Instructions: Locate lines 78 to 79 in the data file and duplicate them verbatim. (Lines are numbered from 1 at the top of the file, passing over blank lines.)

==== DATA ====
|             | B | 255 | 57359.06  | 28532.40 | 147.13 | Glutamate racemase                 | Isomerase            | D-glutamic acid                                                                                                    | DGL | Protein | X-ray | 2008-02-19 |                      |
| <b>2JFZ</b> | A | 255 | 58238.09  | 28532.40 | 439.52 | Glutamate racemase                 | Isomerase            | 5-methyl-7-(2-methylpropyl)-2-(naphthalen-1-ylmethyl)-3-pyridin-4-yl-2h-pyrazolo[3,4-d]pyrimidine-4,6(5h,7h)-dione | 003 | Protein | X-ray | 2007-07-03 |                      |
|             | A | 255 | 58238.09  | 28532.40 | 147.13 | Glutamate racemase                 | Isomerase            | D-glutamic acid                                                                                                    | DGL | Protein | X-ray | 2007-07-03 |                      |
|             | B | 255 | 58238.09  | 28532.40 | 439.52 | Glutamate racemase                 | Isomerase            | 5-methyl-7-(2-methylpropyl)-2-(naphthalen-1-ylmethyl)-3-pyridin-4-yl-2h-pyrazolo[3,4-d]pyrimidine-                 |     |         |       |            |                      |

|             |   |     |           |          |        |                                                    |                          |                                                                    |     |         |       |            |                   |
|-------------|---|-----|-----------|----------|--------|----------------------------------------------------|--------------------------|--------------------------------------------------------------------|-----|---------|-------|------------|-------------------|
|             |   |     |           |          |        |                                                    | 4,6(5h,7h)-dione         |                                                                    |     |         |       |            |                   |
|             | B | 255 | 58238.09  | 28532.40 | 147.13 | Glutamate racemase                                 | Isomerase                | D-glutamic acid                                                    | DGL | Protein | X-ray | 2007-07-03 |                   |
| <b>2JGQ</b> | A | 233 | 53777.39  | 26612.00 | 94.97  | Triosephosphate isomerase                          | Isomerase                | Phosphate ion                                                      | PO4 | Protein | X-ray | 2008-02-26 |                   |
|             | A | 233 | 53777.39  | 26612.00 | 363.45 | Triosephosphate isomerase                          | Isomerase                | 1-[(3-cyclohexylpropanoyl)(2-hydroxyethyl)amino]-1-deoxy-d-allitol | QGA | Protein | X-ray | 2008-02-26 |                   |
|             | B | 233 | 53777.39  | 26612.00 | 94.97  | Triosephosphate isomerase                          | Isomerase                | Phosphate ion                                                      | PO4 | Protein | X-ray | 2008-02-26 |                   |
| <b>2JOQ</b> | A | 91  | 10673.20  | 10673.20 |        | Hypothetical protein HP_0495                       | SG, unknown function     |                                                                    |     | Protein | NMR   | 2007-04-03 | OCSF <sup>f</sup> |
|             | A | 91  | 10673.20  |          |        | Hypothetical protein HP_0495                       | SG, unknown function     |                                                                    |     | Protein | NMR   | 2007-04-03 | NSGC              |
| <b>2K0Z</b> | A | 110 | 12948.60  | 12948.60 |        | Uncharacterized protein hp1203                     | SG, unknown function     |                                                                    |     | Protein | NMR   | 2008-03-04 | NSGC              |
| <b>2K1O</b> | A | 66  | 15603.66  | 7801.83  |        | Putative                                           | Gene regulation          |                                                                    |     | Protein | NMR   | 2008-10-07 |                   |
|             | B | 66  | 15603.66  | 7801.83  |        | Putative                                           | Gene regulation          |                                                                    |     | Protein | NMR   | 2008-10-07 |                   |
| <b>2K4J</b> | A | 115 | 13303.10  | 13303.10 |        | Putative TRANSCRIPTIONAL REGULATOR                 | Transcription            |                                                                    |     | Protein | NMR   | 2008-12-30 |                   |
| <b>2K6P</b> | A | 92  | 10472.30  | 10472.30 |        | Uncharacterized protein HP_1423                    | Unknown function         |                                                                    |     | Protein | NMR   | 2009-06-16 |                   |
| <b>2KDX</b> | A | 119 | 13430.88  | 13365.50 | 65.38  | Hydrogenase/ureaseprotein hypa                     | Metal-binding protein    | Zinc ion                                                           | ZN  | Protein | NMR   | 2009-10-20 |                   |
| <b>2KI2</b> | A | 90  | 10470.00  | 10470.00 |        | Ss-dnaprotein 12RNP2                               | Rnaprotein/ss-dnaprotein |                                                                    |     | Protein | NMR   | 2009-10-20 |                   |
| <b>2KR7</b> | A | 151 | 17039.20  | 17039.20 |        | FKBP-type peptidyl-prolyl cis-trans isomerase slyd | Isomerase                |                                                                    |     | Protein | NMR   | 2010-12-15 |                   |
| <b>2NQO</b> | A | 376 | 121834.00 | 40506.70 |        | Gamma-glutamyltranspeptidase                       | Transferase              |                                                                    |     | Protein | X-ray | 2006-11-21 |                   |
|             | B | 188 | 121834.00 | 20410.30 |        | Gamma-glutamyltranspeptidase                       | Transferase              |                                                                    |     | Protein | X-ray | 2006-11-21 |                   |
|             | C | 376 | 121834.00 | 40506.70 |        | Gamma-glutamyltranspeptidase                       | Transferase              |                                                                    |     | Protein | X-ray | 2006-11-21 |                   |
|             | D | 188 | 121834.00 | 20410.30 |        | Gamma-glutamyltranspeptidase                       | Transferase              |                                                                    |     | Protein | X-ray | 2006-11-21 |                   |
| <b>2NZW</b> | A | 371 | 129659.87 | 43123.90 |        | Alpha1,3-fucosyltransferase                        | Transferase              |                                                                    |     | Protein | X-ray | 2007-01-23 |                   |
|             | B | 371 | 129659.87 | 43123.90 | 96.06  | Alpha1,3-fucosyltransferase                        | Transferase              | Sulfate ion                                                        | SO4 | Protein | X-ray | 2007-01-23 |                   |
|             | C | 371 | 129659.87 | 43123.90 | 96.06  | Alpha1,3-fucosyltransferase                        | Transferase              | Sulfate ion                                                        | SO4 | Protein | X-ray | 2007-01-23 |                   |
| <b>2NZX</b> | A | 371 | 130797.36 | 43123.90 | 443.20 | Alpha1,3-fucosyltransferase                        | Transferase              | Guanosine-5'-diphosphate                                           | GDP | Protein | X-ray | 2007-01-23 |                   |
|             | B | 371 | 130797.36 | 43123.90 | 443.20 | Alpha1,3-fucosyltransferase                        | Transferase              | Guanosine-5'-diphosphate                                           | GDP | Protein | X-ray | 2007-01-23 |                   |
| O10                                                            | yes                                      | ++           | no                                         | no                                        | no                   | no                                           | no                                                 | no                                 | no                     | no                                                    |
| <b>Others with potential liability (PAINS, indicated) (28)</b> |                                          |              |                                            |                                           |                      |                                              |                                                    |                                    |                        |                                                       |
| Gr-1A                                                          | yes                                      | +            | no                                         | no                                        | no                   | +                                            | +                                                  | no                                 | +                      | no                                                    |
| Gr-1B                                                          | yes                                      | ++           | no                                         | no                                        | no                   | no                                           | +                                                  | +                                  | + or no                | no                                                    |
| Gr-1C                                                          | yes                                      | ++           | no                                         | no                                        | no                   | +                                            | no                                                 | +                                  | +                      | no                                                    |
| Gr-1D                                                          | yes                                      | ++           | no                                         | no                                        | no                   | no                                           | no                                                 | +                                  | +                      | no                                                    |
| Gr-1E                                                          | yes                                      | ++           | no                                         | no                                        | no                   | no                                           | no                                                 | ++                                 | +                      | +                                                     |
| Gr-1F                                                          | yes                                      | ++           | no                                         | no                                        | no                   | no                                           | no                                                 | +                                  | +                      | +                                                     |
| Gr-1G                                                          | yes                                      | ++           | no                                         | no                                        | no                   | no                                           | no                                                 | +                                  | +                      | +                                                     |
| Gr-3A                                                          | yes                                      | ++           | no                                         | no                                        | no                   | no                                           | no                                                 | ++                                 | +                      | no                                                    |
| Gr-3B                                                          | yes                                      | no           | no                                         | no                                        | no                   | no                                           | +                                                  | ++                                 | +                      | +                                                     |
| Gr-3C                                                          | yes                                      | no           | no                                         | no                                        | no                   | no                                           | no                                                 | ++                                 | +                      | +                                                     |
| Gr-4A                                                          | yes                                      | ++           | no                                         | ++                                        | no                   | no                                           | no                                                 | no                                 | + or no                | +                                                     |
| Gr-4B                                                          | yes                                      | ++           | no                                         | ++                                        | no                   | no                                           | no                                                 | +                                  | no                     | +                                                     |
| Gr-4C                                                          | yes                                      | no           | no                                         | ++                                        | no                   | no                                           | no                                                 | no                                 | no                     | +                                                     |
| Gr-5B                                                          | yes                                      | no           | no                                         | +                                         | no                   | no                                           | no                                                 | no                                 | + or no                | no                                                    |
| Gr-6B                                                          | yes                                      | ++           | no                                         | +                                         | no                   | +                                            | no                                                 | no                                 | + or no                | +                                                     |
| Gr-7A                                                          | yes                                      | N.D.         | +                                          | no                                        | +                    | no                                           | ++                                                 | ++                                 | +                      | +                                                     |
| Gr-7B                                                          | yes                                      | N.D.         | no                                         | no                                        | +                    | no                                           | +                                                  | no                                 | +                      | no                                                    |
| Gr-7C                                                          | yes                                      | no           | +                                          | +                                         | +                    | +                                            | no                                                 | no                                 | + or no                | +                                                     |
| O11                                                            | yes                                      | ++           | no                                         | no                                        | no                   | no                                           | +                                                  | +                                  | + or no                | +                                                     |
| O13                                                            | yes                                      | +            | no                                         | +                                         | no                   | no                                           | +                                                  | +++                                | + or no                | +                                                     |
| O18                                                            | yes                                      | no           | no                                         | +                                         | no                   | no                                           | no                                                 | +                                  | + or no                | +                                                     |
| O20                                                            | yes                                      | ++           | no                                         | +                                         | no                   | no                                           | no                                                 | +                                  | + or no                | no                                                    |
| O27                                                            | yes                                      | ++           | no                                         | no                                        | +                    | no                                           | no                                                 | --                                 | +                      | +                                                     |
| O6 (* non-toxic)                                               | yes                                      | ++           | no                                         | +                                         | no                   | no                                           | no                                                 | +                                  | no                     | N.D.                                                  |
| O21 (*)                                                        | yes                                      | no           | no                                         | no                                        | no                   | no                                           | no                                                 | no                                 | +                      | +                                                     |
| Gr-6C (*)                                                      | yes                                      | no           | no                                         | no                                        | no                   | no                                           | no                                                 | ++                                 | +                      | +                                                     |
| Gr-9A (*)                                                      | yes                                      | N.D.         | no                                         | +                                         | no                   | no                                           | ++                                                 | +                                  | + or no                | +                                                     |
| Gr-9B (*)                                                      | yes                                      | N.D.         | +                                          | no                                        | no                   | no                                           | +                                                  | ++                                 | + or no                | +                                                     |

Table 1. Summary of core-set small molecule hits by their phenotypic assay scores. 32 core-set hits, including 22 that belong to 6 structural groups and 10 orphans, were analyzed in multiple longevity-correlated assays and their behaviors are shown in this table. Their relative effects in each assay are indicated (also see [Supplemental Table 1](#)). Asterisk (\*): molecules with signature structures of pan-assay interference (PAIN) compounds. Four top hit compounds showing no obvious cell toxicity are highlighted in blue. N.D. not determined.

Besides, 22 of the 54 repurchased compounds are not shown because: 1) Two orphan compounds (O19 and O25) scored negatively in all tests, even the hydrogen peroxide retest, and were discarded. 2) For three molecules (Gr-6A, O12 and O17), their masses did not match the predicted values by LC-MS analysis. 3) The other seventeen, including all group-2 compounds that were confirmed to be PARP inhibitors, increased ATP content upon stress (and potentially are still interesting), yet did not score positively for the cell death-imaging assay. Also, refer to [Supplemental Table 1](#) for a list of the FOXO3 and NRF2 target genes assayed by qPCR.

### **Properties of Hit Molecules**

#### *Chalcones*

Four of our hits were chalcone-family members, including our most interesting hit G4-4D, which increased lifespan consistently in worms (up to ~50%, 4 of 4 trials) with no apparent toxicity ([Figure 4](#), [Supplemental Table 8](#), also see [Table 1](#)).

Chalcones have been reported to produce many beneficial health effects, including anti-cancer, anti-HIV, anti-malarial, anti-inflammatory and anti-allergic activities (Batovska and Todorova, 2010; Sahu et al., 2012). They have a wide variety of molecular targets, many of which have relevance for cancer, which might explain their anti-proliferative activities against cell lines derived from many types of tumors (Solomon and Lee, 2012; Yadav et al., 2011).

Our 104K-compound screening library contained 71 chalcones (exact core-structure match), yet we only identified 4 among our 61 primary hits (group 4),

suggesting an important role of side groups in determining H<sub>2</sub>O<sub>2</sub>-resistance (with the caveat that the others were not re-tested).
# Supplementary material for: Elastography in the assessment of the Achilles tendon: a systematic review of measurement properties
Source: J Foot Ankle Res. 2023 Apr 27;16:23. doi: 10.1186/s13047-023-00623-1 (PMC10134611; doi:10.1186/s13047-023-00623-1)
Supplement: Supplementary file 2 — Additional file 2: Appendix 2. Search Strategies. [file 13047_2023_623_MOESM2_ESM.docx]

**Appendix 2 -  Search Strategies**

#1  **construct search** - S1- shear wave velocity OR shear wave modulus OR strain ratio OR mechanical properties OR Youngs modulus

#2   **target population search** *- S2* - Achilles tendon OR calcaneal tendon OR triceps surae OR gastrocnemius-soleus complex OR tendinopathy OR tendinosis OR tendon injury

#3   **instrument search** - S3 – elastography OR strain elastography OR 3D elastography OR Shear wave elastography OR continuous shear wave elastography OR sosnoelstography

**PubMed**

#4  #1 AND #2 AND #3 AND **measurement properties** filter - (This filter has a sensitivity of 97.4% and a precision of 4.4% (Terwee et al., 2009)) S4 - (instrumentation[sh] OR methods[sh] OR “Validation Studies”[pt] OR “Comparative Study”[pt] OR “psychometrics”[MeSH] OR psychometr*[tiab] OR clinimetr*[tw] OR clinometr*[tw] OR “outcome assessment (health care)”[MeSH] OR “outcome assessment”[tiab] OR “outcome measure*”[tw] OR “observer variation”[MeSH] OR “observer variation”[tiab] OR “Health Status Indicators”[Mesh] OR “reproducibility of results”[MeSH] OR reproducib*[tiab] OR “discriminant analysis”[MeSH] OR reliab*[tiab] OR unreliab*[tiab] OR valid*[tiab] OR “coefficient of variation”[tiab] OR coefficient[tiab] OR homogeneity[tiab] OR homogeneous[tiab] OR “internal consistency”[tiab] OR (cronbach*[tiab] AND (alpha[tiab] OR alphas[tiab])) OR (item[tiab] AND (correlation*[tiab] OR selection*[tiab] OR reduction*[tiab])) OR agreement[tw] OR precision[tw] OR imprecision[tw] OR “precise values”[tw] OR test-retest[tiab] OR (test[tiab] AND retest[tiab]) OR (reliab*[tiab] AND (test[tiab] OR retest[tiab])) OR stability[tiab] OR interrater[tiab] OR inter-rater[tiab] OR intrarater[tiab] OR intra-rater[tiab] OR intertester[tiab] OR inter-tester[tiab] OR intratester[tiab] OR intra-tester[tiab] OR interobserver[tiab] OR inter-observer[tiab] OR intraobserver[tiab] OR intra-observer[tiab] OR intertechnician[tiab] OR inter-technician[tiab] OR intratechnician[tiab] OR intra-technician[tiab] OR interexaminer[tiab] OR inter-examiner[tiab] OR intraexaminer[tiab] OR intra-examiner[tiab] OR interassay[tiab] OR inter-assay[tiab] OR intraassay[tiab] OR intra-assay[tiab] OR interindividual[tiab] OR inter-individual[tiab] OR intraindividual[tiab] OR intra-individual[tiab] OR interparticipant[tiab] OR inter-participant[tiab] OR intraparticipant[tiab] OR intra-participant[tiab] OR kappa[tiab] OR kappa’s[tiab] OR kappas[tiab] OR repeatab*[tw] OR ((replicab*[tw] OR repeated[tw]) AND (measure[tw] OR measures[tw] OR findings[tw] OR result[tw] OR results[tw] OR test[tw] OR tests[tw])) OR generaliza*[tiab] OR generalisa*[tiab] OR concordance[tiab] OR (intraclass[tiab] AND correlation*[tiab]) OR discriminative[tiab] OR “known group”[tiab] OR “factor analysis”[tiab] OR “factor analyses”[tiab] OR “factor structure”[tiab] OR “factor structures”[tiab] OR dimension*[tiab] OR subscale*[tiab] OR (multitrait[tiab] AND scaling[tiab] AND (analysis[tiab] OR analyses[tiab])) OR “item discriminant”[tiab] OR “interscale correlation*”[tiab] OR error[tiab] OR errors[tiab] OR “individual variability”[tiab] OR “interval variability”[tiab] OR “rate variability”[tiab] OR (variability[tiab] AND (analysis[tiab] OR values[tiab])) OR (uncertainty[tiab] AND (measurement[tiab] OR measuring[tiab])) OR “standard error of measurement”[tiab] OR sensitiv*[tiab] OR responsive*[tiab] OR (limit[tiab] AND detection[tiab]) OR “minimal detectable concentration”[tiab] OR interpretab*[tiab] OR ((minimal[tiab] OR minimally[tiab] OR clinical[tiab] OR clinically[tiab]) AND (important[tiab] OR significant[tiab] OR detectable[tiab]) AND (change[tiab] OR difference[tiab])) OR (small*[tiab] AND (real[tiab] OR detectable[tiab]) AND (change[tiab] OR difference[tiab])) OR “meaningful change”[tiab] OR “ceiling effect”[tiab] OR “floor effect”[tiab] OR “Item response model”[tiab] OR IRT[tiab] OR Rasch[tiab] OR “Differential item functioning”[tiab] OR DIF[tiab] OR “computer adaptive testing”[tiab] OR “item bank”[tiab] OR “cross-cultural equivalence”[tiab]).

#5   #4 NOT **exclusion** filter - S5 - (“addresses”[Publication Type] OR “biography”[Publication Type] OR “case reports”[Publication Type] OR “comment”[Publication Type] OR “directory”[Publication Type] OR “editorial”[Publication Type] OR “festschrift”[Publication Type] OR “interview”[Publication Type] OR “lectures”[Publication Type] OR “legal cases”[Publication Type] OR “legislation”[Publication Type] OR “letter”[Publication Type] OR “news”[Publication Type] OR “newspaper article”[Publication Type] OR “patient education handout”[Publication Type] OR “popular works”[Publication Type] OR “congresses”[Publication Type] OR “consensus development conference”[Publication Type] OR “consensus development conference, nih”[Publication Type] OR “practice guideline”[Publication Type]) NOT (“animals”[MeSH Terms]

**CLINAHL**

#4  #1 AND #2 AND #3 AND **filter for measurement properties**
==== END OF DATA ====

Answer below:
#5   #4 NOT **exclusion** filter - S5 - (“addresses”[Publication Type] OR “biography”[Publication Type] OR “case reports”[Publication Type] OR “comment”[Publication Type] OR “directory”[Publication Type] OR “editorial”[Publication Type] OR “festschrift”[Publication Type] OR “interview”[Publication Type] OR “lectures”[Publication Type] OR “legal cases”[Publication Type] OR “legislation”[Publication Type] OR “letter”[Publication Type] OR “news”[Publication Type] OR “newspaper article”[Publication Type] OR “patient education handout”[Publication Type] OR “popular works”[Publication Type] OR “congresses”[Publication Type] OR “consensus development conference”[Publication Type] OR “consensus development conference, nih”[Publication Type] OR “practice guideline”[Publication Type]) NOT (“animals”[MeSH Terms]

**CLINAHL**